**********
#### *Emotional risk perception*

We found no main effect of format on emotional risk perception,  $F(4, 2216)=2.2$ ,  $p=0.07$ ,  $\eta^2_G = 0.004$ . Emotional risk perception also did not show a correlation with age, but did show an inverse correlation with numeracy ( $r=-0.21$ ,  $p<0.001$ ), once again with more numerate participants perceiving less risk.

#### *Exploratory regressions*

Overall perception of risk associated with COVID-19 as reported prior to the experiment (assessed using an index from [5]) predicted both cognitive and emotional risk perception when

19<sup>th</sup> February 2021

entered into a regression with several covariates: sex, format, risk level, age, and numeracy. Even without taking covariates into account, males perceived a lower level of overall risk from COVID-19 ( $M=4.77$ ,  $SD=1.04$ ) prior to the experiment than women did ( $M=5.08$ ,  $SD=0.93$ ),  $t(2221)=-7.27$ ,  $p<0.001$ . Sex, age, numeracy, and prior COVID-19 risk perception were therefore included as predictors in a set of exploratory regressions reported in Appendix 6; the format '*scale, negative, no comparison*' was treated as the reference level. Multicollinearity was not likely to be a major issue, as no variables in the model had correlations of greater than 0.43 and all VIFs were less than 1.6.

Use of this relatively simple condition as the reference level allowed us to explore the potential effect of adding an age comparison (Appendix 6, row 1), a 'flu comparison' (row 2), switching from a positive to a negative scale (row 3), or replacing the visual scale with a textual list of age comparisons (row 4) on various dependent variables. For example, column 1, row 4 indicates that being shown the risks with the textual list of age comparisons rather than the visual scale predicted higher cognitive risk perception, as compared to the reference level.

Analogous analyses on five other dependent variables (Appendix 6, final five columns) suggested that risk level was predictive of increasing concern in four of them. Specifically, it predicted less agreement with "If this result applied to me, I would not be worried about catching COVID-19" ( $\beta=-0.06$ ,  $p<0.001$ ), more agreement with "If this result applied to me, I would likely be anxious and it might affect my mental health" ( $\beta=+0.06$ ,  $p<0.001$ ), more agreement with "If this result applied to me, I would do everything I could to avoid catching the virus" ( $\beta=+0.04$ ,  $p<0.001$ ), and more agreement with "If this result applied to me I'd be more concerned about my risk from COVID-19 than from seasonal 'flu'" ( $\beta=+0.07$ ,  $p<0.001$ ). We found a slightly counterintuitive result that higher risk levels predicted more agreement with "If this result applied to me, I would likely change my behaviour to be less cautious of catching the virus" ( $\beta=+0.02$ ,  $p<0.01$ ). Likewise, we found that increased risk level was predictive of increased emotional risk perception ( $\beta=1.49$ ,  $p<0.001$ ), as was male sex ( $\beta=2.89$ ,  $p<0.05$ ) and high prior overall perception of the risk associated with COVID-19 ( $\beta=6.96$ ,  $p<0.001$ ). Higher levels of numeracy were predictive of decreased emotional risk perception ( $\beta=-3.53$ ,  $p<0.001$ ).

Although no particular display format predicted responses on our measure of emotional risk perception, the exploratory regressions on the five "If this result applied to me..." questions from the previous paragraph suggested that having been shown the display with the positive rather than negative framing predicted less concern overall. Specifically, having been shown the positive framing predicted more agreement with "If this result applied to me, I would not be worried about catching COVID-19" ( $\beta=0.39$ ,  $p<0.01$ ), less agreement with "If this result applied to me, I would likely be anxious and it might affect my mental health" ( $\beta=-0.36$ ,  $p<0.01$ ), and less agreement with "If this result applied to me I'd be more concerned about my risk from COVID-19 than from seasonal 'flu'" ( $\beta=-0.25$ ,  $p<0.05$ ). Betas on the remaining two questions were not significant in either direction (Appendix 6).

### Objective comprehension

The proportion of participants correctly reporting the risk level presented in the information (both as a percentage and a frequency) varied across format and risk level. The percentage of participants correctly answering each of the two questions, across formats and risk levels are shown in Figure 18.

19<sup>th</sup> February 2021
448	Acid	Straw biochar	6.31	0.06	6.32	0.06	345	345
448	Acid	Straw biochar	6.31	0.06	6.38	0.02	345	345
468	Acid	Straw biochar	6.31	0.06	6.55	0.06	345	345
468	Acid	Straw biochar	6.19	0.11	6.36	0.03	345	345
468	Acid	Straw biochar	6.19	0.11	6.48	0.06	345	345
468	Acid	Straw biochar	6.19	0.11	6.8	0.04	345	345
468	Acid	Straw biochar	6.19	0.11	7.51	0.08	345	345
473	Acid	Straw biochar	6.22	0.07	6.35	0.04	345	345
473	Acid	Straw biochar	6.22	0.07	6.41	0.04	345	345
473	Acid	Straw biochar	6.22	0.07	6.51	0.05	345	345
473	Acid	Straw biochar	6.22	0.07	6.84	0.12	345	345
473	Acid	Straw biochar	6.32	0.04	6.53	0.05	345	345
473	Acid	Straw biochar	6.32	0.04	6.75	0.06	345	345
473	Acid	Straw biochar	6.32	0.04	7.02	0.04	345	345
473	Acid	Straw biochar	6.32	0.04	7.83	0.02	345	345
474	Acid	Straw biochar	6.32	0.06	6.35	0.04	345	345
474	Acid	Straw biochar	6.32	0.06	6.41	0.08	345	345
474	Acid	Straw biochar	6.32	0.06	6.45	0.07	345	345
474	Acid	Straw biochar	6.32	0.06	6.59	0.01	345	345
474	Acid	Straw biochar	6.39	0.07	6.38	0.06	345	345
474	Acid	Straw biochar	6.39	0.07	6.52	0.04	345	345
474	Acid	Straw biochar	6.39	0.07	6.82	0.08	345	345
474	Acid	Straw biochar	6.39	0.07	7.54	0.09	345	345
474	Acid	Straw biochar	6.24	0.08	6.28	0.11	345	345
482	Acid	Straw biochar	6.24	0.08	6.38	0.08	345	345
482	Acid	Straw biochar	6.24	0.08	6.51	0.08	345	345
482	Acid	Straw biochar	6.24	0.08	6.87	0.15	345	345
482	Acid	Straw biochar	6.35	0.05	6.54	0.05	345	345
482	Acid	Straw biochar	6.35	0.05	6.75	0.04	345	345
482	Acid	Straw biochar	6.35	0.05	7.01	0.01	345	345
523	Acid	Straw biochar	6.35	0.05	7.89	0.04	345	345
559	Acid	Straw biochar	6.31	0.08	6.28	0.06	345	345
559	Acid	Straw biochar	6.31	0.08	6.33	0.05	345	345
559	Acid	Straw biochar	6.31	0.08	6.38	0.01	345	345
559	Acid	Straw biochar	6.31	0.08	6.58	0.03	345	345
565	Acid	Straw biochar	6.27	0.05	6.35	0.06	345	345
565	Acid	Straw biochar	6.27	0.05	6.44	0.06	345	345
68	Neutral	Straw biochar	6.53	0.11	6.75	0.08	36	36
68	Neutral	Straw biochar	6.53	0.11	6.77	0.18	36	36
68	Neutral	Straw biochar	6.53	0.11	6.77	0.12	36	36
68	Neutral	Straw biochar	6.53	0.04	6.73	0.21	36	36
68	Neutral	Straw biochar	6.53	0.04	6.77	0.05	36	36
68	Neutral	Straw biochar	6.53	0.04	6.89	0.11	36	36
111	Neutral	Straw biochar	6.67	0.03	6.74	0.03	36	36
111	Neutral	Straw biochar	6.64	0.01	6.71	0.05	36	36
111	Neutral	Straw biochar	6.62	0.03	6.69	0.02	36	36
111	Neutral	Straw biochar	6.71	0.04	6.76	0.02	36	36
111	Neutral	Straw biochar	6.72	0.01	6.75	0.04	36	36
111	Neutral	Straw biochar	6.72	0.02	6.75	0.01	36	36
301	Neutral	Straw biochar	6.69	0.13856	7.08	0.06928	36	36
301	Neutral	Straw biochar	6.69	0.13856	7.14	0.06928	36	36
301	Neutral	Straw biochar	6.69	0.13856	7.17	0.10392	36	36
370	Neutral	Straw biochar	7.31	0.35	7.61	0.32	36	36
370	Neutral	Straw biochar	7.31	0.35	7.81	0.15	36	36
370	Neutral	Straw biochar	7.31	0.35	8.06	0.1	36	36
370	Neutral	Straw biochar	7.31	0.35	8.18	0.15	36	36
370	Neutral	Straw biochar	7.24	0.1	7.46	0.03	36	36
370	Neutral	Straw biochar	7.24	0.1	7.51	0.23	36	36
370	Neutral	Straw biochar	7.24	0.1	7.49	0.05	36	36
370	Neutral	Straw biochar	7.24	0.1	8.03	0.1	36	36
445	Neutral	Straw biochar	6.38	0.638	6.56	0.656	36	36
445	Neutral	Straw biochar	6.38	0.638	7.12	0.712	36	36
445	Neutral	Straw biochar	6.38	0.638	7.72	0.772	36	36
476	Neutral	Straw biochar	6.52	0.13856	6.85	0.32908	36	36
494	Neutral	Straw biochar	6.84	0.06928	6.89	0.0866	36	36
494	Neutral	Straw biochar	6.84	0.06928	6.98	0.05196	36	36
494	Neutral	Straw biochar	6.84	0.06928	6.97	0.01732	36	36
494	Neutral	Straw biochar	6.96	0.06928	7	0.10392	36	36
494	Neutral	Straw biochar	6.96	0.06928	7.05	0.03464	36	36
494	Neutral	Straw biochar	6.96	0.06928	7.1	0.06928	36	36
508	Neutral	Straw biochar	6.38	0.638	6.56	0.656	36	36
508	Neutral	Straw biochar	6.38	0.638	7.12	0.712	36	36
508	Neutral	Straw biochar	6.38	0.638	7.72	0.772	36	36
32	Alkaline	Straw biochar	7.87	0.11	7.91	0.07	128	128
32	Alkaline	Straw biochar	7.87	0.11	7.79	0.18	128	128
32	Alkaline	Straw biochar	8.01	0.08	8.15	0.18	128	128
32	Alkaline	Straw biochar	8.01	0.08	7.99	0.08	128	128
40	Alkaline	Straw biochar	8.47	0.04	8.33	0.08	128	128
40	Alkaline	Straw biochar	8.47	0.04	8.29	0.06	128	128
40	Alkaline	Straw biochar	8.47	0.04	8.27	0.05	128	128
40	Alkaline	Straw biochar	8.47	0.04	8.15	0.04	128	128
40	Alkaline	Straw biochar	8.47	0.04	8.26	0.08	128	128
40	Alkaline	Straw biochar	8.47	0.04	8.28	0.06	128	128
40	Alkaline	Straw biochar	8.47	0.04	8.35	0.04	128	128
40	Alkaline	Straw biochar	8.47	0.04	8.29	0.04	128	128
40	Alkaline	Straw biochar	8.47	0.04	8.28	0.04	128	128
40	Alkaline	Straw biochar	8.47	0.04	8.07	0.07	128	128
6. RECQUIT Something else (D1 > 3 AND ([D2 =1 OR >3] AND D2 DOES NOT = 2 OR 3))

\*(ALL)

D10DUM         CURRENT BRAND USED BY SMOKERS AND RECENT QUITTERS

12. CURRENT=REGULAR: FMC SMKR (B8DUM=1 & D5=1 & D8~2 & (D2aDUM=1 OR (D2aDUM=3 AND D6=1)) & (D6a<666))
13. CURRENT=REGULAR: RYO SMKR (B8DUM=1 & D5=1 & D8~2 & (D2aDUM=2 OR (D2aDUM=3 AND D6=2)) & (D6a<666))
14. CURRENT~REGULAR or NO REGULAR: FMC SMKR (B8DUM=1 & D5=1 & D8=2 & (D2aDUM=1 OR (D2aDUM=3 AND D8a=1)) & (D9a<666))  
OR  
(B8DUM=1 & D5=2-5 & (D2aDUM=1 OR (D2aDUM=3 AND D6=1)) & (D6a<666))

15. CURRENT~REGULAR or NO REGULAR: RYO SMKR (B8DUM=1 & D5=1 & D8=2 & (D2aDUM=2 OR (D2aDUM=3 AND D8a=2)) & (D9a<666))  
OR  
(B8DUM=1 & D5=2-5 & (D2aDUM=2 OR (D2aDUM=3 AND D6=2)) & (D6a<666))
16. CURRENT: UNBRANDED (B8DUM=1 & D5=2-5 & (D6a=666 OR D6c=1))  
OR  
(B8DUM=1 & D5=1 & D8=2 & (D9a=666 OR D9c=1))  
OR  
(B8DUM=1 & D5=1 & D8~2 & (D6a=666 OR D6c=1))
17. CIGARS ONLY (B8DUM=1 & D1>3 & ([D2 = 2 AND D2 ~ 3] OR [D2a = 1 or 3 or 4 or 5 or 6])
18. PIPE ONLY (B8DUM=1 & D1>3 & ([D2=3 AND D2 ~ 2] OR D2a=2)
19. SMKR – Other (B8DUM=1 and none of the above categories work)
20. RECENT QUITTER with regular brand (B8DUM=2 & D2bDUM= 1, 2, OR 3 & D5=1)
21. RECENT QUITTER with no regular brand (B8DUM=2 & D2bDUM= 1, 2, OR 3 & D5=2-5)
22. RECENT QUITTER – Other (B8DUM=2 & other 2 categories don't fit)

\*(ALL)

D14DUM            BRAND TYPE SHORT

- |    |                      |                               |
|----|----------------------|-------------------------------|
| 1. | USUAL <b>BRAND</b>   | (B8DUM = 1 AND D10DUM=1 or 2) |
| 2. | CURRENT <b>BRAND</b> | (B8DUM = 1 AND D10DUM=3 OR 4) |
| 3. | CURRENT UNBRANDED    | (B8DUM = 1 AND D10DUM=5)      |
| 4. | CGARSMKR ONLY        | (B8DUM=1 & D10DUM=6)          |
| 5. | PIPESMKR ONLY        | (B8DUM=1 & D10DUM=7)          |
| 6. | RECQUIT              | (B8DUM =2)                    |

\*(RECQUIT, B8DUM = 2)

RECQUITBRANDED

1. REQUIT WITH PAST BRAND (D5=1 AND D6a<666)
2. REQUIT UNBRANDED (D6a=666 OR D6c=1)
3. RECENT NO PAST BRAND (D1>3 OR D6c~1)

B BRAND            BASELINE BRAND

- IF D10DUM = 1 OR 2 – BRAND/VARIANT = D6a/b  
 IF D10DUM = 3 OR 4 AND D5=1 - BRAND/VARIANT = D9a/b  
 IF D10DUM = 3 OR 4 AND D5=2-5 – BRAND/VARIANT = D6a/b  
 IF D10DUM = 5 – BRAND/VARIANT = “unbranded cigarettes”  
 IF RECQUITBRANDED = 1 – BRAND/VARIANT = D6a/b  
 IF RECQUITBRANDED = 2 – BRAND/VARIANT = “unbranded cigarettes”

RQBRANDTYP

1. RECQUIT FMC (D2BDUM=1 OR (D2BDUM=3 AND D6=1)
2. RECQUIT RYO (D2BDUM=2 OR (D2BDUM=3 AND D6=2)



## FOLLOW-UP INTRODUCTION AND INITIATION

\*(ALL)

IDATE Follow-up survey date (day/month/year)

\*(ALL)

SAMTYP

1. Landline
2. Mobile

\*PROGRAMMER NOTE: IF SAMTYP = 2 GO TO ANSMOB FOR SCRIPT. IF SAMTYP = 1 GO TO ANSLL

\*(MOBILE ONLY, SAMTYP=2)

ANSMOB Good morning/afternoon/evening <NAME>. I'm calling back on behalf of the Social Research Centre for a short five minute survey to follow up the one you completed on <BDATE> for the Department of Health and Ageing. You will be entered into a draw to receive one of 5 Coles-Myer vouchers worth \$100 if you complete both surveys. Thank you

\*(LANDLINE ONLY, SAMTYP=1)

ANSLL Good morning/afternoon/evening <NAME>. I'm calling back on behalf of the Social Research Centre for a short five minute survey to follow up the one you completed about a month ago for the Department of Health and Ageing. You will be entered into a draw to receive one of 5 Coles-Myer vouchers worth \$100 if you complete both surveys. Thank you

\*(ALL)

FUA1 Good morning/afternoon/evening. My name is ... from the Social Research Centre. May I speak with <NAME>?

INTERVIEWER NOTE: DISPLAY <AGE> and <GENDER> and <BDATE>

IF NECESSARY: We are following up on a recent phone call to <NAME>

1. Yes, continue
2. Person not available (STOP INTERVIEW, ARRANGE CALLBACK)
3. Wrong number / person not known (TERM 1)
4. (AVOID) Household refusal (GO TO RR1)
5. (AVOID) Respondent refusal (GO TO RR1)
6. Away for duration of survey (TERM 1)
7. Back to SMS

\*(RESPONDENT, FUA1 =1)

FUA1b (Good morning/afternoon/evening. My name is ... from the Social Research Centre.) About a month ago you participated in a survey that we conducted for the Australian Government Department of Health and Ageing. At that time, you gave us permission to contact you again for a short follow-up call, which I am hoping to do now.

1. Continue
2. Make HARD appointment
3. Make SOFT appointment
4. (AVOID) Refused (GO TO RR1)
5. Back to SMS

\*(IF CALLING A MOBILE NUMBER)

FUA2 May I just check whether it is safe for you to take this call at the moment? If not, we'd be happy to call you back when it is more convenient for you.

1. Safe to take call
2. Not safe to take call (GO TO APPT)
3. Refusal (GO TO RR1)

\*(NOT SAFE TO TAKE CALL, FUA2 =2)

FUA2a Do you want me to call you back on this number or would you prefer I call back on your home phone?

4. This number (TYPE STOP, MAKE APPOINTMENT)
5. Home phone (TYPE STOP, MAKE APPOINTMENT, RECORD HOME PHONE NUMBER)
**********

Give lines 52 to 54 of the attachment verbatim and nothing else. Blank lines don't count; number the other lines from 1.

68	Neutral	Straw biochar	6.53	0.11	6.77	0.12	36	36
68	Neutral	Straw biochar	6.53	0.04	6.73	0.21	36	36
68	Neutral	Straw biochar	6.53	0.04	6.77	0.05	36	36